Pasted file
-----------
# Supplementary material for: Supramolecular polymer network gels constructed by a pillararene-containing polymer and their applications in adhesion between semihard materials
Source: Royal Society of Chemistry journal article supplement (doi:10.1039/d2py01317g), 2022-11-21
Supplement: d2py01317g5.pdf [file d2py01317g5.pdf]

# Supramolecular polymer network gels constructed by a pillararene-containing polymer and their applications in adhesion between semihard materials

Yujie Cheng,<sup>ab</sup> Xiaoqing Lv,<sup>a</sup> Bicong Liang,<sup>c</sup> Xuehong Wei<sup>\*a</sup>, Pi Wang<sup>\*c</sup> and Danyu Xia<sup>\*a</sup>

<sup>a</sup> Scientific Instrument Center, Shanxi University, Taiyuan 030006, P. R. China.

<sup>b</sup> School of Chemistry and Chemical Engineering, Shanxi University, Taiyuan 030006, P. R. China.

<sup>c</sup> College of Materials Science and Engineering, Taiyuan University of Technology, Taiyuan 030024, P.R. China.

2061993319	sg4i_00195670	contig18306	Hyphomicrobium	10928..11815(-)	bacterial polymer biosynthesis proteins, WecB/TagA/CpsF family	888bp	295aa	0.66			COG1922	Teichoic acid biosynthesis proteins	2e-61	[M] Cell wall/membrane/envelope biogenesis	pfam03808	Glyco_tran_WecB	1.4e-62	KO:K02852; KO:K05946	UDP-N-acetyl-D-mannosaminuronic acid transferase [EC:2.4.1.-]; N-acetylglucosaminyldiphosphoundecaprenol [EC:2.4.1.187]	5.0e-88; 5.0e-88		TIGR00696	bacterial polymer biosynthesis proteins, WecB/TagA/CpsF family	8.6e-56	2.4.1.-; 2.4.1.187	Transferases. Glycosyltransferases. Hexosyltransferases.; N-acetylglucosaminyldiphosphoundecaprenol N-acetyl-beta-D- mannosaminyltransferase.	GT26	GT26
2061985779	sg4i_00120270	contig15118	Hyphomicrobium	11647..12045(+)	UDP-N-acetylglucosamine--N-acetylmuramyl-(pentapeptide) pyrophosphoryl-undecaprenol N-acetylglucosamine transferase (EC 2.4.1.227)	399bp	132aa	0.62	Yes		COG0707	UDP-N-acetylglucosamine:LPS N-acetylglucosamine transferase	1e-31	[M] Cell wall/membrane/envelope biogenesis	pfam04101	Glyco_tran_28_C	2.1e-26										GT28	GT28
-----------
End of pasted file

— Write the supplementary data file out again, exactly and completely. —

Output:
# Supplementary material for: Supramolecular polymer network gels constructed by a pillararene-containing polymer and their applications in adhesion between semihard materials
Source: Royal Society of Chemistry journal article supplement (doi:10.1039/d2py01317g), 2022-11-21
Supplement: d2py01317g5.pdf [file d2py01317g5.pdf]

# Supramolecular polymer network gels constructed by a pillararene-containing polymer and their applications in adhesion between semihard materials

Yujie Cheng,<sup>ab</sup> Xiaoqing Lv,<sup>a</sup> Bicong Liang,<sup>c</sup> Xuehong Wei<sup>\*a</sup>, Pi Wang<sup>\*c</sup> and Danyu Xia<sup>\*a</sup>

<sup>a</sup> Scientific Instrument Center, Shanxi University, Taiyuan 030006, P. R. China.

<sup>b</sup> School of Chemistry and Chemical Engineering, Shanxi University, Taiyuan 030006, P. R. China.

<sup>c</sup> College of Materials Science and Engineering, Taiyuan University of Technology, Taiyuan 030024, P.R. China.

2061993319	sg4i_00195670	contig18306	Hyphomicrobium	10928..11815(-)	bacterial polymer biosynthesis proteins, WecB/TagA/CpsF family	888bp	295aa	0.66			COG1922	Teichoic acid biosynthesis proteins	2e-61	[M] Cell wall/membrane/envelope biogenesis	pfam03808	Glyco_tran_WecB	1.4e-62	KO:K02852; KO:K05946	UDP-N-acetyl-D-mannosaminuronic acid transferase [EC:2.4.1.-]; N-acetylglucosaminyldiphosphoundecaprenol [EC:2.4.1.187]	5.0e-88; 5.0e-88		TIGR00696	bacterial polymer biosynthesis proteins, WecB/TagA/CpsF family	8.6e-56	2.4.1.-; 2.4.1.187	Transferases. Glycosyltransferases. Hexosyltransferases.; N-acetylglucosaminyldiphosphoundecaprenol N-acetyl-beta-D- mannosaminyltransferase.	GT26	GT26
2061985779	sg4i_00120270	contig15118	Hyphomicrobium	11647..12045(+)	UDP-N-acetylglucosamine--N-acetylmuramyl-(pentapeptide) pyrophosphoryl-undecaprenol N-acetylglucosamine transferase (EC 2.4.1.227)	399bp	132aa	0.62	Yes		COG0707	UDP-N-acetylglucosamine:LPS N-acetylglucosamine transferase	1e-31	[M] Cell wall/membrane/envelope biogenesis	pfam04101	Glyco_tran_28_C	2.1e-26										GT28	GT28